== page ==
A touch screen is paradoxical in that the user can touch objects without actually touching them, and see objects that are not actually there. We refer to this aspect of touch screen devices as virtual materiality. While materials are tangible, and physical objects are made of materials, materiality refers to our perception, our experience, the representation in our brain maps, of these objects (Ingold, 2007, p.7). Virtual materiality, therefore, is an illusion. It has no physical properties. However, software provides stimuli that we interpret in much the same way as we would physical objects. What the user sees are representations of objects made by two-dimensional visual cues, such as color, haze, linear perspective, and occlusion. What the user touches is the software’s pre-programmed responses to, for example, movement of the finger across the screen. Because, as discussed above, sensory perception builds on previous bodily experiences, emotions, and implicit and explicit memories, the user can experience the light and colors presented by the software program on a two-dimensional screen as something else—as, for example, a forest in a picturebook app. However, due to limitations (e.g., limited auditory frequencies in the device, two-dimensional visual cues used to construct an illusion of objects or space), virtual materiality will always be less rich than the materiality we perceive in a physical world. Put another way, the manipulation of a digital object on a touch screen is both an illusion and a tangible act—both virtual and material. This could present a core paradox in the embodied sense-making process with picturebook apps: the material paradox. In Stenslie’s words: «The material paradox of virtual realities is that it is very material indeed» (2010, p. 128). The world in a picturebook app is not physical, but it is experienced that way via some physical conditions. In addition, our experience of time and space (the spatiotemporal) and the semiotic signs in digital media provide a structure to sense perceptions, while interpretation and thinking about the semiotic signs create meaning from these experiences (Elleström, 2011, p. 36). However, it then follows that we can only perceive virtual materiality in full if our previous experiences and brain maps are sufficient. Without relevant previous experiences, the two-dimensional illusion of a three-dimensional scene would lack information, leaving our perception open to errors or misrepresentations.
Interactivity has been emphasized as a key complement to the narrative flow of a story in a picturebook app (Nagel, 2017, pp. 2–13). In this article, interactivity refers to dialogue between users and audio and visual/spatial representations in an app. Examples include letting the user decide what or how something happens, features such as gyroscopes and accelerometers to respond to users’ bodily movements, or, more indirectly, influencing users’ perceptions by demanding specific time-consuming or procedural actions (Al-Yaqout & Nikolajeva, 2015, p. 5).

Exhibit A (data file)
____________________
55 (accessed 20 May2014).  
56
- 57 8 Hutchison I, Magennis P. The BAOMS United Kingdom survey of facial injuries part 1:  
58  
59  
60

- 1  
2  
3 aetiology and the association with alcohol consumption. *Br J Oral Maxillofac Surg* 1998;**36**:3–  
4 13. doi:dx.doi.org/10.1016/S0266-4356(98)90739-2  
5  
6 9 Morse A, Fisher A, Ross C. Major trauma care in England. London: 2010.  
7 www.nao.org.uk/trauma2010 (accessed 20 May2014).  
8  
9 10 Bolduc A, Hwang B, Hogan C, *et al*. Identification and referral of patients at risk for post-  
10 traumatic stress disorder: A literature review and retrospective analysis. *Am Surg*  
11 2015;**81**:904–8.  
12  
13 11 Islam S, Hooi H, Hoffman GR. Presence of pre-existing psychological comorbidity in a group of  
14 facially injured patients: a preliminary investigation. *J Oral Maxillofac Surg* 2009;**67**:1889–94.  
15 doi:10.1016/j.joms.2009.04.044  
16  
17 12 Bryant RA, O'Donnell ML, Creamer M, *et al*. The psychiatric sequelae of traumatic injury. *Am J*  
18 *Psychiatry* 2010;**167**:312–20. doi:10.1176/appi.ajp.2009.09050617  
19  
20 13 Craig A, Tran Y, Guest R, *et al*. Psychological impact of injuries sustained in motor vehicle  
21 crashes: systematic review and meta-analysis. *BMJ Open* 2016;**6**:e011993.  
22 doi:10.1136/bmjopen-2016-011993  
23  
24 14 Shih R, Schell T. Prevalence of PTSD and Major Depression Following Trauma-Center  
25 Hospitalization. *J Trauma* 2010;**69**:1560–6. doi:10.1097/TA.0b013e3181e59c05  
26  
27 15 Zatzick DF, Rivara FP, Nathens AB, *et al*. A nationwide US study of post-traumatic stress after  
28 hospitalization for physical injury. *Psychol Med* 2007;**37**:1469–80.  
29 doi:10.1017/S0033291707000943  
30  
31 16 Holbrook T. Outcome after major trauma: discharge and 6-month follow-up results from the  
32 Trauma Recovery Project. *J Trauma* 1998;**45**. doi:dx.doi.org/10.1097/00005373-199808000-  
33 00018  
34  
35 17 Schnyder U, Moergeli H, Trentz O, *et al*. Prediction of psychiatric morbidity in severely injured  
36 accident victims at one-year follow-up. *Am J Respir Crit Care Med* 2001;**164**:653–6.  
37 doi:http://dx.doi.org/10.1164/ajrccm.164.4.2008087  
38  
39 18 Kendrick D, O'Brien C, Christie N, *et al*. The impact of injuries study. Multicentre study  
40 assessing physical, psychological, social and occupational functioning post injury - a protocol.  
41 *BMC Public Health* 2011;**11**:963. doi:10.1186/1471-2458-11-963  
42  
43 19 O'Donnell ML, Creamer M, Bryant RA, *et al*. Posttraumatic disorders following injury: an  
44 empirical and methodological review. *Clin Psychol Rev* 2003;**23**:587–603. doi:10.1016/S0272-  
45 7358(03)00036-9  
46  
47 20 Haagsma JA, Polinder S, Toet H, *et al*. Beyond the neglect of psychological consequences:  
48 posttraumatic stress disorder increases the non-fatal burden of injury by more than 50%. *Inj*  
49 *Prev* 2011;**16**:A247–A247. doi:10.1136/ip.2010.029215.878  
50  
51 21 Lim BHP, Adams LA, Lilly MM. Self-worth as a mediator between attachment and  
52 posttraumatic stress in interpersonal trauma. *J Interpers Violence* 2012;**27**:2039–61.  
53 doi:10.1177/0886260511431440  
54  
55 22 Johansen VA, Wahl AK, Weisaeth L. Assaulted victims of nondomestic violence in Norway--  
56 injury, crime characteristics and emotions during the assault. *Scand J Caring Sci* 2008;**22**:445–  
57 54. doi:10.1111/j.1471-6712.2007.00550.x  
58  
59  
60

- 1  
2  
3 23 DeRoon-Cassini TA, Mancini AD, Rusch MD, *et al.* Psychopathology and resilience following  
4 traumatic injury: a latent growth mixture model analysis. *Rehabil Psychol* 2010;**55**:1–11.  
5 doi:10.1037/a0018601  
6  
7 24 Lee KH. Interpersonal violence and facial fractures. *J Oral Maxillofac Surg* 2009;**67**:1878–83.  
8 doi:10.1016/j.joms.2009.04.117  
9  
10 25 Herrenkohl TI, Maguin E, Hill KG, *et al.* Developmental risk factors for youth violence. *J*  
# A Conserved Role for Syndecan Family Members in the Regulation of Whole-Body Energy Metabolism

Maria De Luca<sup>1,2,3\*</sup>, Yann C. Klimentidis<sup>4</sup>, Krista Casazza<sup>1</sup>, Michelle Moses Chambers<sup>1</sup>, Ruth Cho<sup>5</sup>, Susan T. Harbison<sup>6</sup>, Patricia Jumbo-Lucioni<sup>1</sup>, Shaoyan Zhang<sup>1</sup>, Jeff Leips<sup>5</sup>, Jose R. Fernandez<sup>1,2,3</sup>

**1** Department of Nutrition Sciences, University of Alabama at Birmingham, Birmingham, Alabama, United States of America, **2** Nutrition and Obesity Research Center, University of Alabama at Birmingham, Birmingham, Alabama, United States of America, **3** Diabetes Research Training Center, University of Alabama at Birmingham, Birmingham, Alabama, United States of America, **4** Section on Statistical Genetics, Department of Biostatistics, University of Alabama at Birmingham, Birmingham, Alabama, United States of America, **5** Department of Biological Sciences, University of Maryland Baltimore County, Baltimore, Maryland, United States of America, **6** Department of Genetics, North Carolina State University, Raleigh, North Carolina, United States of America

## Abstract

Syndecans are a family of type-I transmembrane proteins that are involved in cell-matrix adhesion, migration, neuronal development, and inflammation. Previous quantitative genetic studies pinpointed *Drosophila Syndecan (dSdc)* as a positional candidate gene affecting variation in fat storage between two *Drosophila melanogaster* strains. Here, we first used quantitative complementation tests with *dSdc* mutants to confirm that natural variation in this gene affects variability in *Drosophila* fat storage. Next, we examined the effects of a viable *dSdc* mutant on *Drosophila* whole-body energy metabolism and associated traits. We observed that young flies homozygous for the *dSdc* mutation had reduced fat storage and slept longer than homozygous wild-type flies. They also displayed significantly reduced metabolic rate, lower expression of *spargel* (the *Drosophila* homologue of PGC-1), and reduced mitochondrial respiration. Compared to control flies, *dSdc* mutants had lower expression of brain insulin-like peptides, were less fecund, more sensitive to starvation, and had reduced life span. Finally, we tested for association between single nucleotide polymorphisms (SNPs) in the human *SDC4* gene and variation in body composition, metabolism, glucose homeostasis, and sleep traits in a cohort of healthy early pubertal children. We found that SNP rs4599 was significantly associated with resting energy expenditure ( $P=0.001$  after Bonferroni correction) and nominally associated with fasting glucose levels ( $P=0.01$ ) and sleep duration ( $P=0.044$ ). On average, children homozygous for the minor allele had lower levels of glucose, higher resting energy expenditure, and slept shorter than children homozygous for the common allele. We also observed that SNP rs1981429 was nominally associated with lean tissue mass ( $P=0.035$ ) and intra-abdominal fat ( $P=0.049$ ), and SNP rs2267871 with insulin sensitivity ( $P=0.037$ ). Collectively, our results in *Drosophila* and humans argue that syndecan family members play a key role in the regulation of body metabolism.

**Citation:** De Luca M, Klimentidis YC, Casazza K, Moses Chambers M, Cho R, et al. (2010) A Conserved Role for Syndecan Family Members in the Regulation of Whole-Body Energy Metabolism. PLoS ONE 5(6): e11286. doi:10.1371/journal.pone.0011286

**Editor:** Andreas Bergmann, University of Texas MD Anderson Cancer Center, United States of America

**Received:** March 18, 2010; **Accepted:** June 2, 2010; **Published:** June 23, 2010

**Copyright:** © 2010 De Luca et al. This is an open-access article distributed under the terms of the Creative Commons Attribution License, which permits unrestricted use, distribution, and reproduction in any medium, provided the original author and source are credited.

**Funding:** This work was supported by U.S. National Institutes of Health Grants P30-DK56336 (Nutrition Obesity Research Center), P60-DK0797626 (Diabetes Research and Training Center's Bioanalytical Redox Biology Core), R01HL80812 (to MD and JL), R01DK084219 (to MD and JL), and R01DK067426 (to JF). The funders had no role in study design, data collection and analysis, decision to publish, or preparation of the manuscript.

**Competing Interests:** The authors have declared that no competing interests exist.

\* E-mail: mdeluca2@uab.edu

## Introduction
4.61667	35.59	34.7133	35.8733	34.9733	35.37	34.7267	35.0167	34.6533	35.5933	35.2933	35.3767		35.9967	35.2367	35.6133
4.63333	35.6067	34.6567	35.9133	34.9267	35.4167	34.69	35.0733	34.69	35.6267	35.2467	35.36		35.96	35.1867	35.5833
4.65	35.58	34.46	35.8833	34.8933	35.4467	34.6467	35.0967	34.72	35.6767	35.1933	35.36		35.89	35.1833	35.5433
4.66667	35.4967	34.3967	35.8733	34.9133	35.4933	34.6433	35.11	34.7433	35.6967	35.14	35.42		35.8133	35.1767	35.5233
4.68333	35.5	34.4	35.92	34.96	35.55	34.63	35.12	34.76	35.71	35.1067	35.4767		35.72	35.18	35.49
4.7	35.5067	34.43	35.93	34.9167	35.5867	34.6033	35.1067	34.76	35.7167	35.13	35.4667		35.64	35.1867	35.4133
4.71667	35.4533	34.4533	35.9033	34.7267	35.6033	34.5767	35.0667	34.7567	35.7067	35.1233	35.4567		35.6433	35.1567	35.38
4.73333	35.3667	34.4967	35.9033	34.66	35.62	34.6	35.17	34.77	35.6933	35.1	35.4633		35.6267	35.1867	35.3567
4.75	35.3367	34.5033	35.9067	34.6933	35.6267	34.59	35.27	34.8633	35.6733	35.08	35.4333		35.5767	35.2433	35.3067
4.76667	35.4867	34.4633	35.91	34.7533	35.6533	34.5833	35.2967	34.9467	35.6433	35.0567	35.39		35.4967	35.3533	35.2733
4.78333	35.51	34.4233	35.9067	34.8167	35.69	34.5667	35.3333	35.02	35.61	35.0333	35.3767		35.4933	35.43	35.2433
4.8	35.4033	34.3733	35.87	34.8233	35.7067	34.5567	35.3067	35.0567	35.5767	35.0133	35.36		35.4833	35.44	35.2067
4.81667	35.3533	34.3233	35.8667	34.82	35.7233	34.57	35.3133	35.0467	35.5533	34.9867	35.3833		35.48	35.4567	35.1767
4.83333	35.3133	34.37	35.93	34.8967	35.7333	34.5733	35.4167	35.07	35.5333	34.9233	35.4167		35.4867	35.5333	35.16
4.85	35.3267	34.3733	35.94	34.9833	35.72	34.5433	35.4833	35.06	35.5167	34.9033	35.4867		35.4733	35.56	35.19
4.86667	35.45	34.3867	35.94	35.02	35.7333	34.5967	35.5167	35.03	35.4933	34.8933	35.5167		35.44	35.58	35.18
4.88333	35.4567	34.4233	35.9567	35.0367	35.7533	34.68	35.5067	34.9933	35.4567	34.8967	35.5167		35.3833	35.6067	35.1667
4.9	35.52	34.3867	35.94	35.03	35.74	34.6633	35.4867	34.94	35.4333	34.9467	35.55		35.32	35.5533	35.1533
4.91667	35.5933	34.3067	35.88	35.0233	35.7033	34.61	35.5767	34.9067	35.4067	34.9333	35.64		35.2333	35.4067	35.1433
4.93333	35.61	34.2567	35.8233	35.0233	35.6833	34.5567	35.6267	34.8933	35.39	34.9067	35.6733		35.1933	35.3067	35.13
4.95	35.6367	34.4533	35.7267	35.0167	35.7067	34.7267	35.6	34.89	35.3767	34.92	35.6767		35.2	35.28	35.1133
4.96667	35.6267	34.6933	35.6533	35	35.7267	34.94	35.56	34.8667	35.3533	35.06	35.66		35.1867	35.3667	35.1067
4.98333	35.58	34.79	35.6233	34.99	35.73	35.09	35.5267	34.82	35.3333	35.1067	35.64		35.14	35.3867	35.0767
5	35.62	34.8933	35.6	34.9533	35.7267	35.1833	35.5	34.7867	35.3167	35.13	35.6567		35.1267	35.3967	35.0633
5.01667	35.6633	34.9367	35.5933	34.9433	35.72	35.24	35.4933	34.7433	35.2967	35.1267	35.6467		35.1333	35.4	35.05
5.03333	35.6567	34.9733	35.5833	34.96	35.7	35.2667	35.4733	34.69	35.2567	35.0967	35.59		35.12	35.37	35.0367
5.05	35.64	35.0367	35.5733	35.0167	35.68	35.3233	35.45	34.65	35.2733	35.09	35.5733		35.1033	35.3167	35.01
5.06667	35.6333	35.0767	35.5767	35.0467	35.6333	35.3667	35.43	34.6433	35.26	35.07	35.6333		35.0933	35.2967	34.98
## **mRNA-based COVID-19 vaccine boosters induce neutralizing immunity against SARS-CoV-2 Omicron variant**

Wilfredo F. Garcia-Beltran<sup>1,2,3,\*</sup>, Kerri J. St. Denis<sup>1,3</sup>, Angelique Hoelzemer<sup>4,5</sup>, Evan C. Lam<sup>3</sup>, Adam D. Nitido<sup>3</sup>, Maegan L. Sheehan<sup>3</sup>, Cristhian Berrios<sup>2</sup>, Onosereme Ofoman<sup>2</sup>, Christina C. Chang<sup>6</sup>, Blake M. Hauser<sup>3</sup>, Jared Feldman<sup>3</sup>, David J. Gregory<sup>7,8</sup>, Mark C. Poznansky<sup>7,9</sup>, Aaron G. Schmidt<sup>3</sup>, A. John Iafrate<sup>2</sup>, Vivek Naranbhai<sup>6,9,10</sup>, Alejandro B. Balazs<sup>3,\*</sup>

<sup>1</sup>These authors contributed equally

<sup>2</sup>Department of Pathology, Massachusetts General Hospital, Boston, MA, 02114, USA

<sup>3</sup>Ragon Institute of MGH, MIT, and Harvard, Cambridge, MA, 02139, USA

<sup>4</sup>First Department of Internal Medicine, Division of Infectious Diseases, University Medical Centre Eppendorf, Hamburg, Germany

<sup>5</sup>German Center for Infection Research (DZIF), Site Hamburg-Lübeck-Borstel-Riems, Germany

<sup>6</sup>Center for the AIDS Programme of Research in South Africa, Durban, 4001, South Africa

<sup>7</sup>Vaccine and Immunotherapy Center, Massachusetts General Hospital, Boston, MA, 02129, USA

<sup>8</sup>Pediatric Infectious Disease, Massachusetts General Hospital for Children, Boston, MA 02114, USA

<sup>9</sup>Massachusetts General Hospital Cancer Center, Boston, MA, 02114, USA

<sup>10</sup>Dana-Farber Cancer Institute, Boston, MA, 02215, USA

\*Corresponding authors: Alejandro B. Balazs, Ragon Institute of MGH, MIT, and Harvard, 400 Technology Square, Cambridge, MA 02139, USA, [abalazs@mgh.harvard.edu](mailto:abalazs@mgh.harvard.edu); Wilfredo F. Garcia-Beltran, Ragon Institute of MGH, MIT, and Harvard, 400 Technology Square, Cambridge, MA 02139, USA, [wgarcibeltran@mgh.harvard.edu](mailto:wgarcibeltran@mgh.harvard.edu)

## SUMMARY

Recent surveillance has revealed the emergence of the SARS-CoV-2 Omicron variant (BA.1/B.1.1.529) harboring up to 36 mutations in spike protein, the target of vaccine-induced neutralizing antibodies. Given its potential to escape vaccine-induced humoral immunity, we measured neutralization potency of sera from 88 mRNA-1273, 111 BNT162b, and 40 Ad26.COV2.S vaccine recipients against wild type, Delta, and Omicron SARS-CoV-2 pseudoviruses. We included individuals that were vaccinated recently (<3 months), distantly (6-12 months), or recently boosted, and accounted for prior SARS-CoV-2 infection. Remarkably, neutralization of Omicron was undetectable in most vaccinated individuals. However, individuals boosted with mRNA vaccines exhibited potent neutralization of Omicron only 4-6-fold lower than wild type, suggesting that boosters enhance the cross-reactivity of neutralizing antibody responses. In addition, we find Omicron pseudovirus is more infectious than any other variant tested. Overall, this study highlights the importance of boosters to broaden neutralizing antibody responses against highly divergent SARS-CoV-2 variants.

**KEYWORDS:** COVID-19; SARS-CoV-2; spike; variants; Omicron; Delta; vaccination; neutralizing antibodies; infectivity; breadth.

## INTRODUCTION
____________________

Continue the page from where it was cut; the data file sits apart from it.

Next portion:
Interactions in picturebook apps can open for cooperation in a similar way to how computer game players interact with game storylines. Game-like elements are not a distraction, but are rather integrated as part of the total experience, and the «Increasing degree of interactivity leads into imaginative co-creation rather than merely making things jump, squeak, or shake on a screen» (Al-Yaqout & Nikolajeva, 2015, p. 7). However, this could present a paradox of interactivity between the app’s pre-programmed features and narrative and the user’s autonomy as «a co-creator of the narrative» (Nagel, 2017, p. 5). As noted above, sense-making requires future thinking, imagination, and action, and thus the co-creation aspect of a picturebook app is important, and potentially crucial.
In sum, digital touch devices and picturebook apps could present the user with two core paradoxes: the paradox of materiality, and the paradox of interactivity. These paradoxes likely influence the user’s sense-making during interactions with the app. Below, we explore this by asking the research question: How is touch interaction with a picturebook app facilitating or limiting sense-making? We conducted an in-depth explorative inquiry on one case in particular—an award-winning picturebook originally published as an app, Wuwu & Co.
The picturebook app, Wuwu & Co. A magical picturebook (Figure 1), was developed as an original interactive virtual reality story for children by Step In Books (Helle & Slocinska, 2014). Choosing a children’s picturebook as research context is useful, even though sense-making with picturebook apps is a general issue for both adults and children, because children are more avid readers of picturebooks. Wuwu & Co. is a fictional, illustrated world, complete with an integrated soundscape, narrator, and text. The narrative follows five creatures who need help during a cold winter. The narrative plays out in five different scenes, one for each character (Figure 2).